Up the Yangtze River With a $50 Paddle
By SETH KUGEL
As the Hai Nei Guan Guang 2 blasted its deafening foghorn and pulled into the Yangtze River port of Fengjie, I brimmed with confidence. Two days earlier, I had nervously boarded a similar workaday passenger boat along another leg of the Yangtze, no idea what was in store. But now, I knew the routine. I’d say san-deng (third-class), hand over some cash, receive a handwritten slip with my cabin number, step over sunflower-seed-spitting passengers camped on the floor and settle into whatever rock-hard bunk remained in a room of instant-noodle-slurping Chinese passengers.
Soon enough, the ship would arrive at my destination — in this case, about 24 hours later in the mega-city of Chongqing.
But for novice travelers in China, there is always a surprise. I entered Cabin 2012 to find its four bunks overflowing with a family of five and a fluffy white cat with butterscotch splotches. I returned to reception, typed “cabin full” into my Google Translate app, and a woman accompanied me back to the room. She addressed the slumbering family — did I mention it was 4 a.m.? — in Chinese. This prompted a boy to vacate his bunk and climb into one with his sister. His bed became mine. There was no apology or change of sheets.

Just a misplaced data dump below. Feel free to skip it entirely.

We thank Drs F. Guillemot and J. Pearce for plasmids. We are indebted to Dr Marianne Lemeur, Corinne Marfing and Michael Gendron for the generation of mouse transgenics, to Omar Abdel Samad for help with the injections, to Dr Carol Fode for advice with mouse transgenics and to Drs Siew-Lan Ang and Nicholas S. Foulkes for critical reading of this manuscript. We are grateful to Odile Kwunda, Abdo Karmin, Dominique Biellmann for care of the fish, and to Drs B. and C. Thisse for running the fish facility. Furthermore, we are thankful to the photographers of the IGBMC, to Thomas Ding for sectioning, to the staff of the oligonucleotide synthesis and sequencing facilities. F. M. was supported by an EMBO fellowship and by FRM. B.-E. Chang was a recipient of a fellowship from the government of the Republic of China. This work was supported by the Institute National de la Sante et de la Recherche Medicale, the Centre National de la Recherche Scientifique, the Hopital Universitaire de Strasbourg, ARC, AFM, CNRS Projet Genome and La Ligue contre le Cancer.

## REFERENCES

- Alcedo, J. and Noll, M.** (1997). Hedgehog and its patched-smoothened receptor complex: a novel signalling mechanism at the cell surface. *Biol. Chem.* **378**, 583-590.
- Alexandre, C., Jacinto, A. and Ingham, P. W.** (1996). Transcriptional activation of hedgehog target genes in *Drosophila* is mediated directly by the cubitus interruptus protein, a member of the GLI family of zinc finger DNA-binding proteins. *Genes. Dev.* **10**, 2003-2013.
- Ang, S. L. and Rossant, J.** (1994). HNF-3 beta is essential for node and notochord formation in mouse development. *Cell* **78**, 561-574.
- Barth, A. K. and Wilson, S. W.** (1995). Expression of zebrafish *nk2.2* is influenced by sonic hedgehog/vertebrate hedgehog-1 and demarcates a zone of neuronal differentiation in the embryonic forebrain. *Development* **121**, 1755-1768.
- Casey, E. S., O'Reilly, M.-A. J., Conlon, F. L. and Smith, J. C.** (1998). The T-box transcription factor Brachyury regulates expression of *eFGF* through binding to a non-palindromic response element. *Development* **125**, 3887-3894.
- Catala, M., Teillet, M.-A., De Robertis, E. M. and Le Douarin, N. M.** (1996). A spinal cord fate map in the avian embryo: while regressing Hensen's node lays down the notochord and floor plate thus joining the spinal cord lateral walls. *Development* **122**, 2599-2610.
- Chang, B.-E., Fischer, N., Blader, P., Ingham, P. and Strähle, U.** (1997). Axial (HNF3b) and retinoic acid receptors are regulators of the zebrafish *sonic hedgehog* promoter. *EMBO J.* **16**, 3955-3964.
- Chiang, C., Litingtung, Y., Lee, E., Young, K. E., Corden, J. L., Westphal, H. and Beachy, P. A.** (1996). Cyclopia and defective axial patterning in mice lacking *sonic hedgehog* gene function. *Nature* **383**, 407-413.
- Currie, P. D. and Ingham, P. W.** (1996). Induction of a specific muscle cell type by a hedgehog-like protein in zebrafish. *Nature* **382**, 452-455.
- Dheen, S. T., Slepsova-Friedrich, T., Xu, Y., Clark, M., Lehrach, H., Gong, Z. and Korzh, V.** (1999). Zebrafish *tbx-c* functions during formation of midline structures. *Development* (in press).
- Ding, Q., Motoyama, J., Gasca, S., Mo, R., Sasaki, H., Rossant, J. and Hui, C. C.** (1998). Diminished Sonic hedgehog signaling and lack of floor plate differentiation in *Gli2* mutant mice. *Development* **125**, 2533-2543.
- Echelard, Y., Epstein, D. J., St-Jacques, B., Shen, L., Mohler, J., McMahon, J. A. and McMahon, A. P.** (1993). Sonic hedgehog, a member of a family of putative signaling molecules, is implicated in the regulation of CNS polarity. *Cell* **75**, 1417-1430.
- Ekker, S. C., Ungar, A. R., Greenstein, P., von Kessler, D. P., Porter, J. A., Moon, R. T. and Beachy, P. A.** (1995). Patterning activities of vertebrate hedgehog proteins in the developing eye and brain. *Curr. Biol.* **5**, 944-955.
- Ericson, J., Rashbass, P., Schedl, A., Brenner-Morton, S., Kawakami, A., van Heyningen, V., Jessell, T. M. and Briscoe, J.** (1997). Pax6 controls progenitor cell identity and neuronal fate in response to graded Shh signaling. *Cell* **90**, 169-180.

The mistake was mine: four beds didn’t mean four people.
By the next morning I was in a better rhythm, making stunted conversation with the family via a phrase book and accepting a free meal in the ship’s dining room from a young physical education teacher who ordered a whole fish in pungent sauce from a menu on the wall I did not even know was a menu. From the deck, I gazed through a ubiquitous haze at new Yangtze River cities, the result of the Three Gorges Dam project, completed in 2006. I posed for cellphone photos with passengers amused by the presence of a non-Asian.
I was an ignorant, hapless and occasionally clownish first-time tourist in the world’s most populous nation, and one of its most mysterious to Westerners. And I was enjoying (almost) every minute.
Here was the daunting mission: a 10-day trip up the Yangtze River, taking trains and boats, for $50 a day, enough to pay for food, bottom-end hotels and public transport, but not enough for the organized tours and cruises that travelers commonly take through this part of the country.
Along the way, I learned some key lessons that will help travelers avoid my mistakes. Don’t worry: you’ll still make plenty of your own.